As CBC’s Go Public reported in May, Heidi Roggero, of Coquitlam, B.C., moved to the province with her Canadian husband in 2000 and separated in 2009, but not before they had five children together. All are under the age of 14 and have dual citizenship.
As Roggero had no legal status in Canada, she couldn’t work in this country, but she also couldn’t go back to the U.S. to work unless she abandoned or kidnapped her children.
After hearing her story, lawyer Catherine Sas worked without a fee to help Roggero get a temporary work permit while she applies for permanent residence on humantiarian and compassionate grounds. Sas also convinced her lawyer colleagues at the Canadian Bar Association's B.C. branch to do the same for other foreign spouses desperate for permanent residency and work permits.
“They're able to work, able to support themselves, they're able to get medical benefits, and they're not costing the taxpayer anything, which is a win-win situation,” Sas told CBC News.
Roggero is ecstatic at the turn of events.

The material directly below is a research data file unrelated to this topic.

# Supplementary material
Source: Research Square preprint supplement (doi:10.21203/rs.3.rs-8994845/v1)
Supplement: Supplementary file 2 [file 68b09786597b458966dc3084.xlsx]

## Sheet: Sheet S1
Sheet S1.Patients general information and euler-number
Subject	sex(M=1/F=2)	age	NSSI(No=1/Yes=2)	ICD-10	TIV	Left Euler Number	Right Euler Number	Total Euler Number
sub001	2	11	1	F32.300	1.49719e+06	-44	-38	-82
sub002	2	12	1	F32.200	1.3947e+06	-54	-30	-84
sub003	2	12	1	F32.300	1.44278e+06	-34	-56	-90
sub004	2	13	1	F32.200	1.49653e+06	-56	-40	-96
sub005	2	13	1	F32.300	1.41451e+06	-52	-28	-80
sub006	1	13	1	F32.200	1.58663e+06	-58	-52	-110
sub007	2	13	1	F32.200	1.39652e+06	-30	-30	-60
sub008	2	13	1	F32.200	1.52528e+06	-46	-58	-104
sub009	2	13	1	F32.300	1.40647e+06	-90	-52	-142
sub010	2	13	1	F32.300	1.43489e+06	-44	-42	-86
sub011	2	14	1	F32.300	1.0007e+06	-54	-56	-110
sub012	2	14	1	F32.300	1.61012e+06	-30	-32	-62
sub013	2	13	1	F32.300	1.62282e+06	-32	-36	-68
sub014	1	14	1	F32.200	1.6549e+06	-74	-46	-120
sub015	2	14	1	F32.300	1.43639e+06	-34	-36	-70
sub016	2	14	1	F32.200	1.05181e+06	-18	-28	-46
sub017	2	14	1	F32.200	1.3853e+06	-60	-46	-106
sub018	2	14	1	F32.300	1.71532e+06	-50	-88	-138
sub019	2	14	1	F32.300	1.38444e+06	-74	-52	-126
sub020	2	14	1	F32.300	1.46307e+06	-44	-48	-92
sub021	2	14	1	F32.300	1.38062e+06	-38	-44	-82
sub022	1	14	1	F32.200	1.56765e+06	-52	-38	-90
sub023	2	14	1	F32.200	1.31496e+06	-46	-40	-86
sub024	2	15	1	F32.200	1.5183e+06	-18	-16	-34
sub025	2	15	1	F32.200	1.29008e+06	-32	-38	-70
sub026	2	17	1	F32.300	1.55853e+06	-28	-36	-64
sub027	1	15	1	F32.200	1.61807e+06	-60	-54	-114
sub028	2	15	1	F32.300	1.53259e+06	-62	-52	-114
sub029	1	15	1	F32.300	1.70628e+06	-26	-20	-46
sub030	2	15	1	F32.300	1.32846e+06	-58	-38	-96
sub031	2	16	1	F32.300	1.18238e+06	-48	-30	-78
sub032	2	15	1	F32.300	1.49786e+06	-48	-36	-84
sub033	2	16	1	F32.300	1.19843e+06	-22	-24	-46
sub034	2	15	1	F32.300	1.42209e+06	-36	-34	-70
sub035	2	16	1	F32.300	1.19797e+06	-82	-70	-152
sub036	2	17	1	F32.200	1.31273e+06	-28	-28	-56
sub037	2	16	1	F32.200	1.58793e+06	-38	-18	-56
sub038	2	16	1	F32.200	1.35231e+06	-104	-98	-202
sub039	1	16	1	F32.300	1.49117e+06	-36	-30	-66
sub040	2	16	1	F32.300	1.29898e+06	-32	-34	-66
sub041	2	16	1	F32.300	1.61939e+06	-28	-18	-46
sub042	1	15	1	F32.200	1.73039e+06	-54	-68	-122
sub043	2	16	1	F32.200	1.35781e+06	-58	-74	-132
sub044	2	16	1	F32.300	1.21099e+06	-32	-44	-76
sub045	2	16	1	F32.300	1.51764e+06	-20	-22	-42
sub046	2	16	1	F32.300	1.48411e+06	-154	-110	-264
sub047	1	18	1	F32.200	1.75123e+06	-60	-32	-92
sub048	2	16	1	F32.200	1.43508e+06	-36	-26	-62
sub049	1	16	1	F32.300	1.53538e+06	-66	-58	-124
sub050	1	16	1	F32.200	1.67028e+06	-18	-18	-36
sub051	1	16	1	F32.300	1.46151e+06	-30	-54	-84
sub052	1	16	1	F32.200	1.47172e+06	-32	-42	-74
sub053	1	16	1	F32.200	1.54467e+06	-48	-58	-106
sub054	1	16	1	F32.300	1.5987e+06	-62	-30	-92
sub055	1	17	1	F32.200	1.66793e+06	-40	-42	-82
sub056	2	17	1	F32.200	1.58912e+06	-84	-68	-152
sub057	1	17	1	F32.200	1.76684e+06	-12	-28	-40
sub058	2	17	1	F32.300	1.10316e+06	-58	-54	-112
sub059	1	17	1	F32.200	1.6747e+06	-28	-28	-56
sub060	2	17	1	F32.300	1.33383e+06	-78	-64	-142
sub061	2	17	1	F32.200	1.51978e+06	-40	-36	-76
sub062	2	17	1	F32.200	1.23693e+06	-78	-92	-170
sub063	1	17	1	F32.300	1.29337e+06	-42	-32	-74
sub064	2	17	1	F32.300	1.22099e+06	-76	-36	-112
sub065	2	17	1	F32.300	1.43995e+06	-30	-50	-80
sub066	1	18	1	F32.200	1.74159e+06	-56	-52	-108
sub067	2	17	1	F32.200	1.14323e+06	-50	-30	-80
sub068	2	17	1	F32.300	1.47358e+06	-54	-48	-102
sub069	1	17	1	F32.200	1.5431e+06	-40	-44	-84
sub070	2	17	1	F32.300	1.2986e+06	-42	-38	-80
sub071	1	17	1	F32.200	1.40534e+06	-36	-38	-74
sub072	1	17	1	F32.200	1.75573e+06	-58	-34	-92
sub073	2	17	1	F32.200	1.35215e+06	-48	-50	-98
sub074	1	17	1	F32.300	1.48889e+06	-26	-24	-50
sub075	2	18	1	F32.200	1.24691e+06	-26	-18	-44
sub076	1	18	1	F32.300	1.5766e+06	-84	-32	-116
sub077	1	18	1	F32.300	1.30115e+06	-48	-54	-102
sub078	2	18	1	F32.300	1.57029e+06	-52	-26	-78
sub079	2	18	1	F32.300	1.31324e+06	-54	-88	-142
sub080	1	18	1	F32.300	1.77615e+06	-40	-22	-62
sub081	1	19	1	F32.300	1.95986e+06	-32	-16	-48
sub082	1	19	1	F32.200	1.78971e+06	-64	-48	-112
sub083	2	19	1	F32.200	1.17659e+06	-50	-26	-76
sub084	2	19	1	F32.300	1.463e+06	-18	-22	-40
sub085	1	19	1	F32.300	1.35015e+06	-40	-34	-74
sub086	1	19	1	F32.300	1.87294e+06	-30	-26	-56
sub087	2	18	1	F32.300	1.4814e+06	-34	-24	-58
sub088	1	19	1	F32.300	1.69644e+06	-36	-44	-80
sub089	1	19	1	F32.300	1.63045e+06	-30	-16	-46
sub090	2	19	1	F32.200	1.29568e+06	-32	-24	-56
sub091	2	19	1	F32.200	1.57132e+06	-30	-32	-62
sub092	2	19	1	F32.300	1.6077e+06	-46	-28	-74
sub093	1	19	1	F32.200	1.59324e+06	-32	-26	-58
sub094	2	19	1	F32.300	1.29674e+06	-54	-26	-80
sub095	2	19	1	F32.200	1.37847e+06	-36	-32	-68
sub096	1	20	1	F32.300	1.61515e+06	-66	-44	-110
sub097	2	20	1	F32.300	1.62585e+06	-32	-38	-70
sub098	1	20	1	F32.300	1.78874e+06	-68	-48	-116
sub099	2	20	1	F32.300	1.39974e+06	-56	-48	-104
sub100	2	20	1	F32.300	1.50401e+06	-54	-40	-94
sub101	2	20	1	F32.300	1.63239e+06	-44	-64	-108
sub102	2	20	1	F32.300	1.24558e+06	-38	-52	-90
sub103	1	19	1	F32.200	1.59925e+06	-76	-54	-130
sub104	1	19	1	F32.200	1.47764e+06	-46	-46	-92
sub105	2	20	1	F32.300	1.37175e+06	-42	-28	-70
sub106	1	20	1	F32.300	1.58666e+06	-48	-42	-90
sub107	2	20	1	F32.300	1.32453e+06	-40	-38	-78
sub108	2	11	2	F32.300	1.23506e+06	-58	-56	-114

“It just changed everything,” she said.
The immigration dilemma is not an isolated case but is faced by dozens more women in Metro Vancouver alone and possibly by thousands across the country, said Metro Vancouver YWCA CEO Janet Austin.
The YWCA first identified the problem a few years ago and has been working with the B.C. government to make changes that would also allow foreign spouses in abusive relationships to apply for income assistance. Those changes come into effect in October.
“Women in this situation are absolutely destitute,” said Austin. “What we're seeing here is a real systemic change that will permanently improve the lives of many women and children.”
With their father behind in child support, Roggero said she and children had been surviving on charity.
Roggero said she has no regrets about making her family's private struggle so public
“Whenever you bring about an eye opening situation to the public, things get better.”Suggest a correction